It started out as a whim.
During my Black Friday shopping frenzy, I bought two new blankets. They’re perfect for cozying up on the couch on these cold, dark days of winter. I keep one over the back of the chair and one over the couch. The problem is I already had a blanket over the couch and chair. So I folded up those blankets and moved them to the closet, where I found I had four other blankets already stored.
Hmm. It occurs to me I might have a mild blanket fetish.
Let’s not explore that any further.
I had the fleeting thought that I should buy a large wicker basket—the size of a laundry basket or so—that I could put in the living room. I’d fill it with my beautiful blankets and it would be both useful and decorative. What could be cozier than a basket full of blankets?
Here’s where the fun begins.
I looked everywhere—Target, Michael’s, Wal-Mart. No big wicker baskets. Some wicker hampers and trunks, but no baskets.
This was going to be harder than I thought.
So last Tuesday a friend and I went on a road trip to Lancaster, Pennsylvania. For those who don’t know, Lancaster has a booming tourist market for Amish handmade goods you can’t find elsewhere, including Amazon.com. Surely they would be overflowing with handmade wicker baskets.
We drove the four hours (one-way) and I prepared to enter basket heaven. Would I be so overwhelmed by the cornucopia of baskets that I wouldn’t be able to choose just one?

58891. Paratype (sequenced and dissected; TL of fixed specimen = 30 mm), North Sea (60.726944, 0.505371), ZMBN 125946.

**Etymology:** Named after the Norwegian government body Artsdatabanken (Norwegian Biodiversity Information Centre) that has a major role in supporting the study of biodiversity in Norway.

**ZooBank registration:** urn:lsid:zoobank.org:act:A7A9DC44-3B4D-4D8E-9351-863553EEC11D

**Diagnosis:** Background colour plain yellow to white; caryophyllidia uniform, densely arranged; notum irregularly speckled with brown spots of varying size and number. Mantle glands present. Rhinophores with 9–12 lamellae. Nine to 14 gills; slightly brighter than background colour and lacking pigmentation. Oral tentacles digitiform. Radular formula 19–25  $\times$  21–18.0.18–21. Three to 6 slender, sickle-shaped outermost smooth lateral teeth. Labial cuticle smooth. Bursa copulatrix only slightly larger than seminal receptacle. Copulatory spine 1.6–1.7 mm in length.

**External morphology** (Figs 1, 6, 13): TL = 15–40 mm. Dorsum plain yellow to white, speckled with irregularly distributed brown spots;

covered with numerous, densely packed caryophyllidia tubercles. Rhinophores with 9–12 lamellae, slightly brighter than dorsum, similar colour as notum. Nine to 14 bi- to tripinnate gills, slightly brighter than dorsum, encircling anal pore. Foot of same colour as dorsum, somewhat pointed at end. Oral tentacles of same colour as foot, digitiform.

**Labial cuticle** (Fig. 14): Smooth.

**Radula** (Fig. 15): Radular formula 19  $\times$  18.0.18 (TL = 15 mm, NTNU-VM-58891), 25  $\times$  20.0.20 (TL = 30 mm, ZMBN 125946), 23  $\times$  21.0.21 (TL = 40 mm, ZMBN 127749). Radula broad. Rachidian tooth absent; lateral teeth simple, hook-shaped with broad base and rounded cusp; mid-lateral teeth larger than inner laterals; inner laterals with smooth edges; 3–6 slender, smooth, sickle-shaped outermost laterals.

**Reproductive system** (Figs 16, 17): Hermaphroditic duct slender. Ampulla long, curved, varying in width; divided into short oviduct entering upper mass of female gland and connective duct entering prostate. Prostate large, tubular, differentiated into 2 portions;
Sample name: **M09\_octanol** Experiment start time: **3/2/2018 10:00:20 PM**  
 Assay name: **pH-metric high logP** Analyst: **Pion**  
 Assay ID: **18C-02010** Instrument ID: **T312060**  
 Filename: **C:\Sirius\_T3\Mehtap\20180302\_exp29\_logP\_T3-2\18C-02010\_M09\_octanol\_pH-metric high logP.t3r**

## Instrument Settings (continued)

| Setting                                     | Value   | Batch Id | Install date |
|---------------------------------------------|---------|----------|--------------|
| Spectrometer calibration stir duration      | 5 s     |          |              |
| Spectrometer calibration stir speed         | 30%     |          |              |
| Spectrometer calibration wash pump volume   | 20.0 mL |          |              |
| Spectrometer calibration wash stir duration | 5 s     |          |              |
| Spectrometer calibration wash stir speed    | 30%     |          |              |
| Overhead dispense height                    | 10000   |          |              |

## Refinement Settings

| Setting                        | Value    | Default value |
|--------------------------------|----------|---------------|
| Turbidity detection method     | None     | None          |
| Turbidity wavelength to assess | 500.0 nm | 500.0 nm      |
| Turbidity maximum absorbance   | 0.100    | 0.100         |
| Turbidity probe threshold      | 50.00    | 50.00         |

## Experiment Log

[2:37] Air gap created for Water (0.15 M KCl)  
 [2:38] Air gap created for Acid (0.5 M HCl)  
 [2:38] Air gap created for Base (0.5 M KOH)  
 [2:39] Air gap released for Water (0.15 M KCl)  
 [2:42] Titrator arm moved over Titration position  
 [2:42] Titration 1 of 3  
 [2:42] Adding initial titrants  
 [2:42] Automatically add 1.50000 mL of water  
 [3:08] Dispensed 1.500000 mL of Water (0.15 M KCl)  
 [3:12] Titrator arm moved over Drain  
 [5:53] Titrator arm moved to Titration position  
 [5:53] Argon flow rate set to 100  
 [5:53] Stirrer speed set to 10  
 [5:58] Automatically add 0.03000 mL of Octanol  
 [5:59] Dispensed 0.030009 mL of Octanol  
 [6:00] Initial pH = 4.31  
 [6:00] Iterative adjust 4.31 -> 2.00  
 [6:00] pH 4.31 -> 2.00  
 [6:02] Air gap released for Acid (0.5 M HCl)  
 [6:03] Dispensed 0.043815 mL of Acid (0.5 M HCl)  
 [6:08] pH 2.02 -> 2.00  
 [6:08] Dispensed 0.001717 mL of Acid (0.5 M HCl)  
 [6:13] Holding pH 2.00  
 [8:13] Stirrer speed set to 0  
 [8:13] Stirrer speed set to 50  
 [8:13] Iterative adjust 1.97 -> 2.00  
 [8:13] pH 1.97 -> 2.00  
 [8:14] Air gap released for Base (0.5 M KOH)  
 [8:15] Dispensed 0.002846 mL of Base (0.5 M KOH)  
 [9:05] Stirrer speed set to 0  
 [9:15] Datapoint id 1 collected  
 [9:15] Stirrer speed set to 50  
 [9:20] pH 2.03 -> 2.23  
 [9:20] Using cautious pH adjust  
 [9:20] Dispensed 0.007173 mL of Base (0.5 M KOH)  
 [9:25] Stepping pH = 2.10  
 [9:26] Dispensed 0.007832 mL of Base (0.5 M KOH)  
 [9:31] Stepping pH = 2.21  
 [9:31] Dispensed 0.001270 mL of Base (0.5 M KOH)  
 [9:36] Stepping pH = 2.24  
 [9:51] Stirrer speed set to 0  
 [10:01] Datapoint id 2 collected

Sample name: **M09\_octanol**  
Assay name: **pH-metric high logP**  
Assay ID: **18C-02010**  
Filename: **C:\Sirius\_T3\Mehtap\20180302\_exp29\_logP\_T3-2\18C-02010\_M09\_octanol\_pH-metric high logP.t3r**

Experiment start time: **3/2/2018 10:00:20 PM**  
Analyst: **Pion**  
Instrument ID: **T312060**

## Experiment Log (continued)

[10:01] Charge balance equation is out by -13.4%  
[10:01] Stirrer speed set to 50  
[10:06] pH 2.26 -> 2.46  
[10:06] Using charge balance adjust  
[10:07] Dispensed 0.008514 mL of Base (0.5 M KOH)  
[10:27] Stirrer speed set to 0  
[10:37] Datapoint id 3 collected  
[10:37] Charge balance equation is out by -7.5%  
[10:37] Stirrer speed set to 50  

We found truckloads of beautiful handcrafted furniture, birdhouses, jellies and jams, Christmas tree ornaments, Shoefly pie, and apple dumplings.
No wicker baskets. Not one.
We asked Siri for help. She directed us to a basket warehouse—what could be more promising than a basket warehouse? I’m sure they would’ve been the answer to my prayers, but they were closed. Out of business. As were two other basket-centric stores.
The basket business, it seems, is drying up.
At one store, I asked the teenager behind the register if she had wicker baskets.
“What?” she asked.
“Wicker baskets,” I said. “Big ones. Like a laundry baskets.”
She looked at me like I had two heads.
“Can you describe them?”
“Um,” I said. “A basket made of…” I struggled not to say wicker, but instead mumbled something about braided wood. I already knew this was a dead end.
We drove the four hours home basket-less.
How is this possible? We live in a world where you can buy anything you want with a trip to Target or a click of the mouse. How can I not find a suitable wicker basket?
And the truth is, the fact that I can’t find one makes me want one even more.
It started out as a whim.
Now I’m on a mission.
For all of my readers, I hope this is the year you finally quit smoking, or lose those last ten pounds, or save money.
As for me, I’ll be spending 2016 hunting baskets, and I don’t care where I have to go or what I have to pay to get one!
Happy New Year!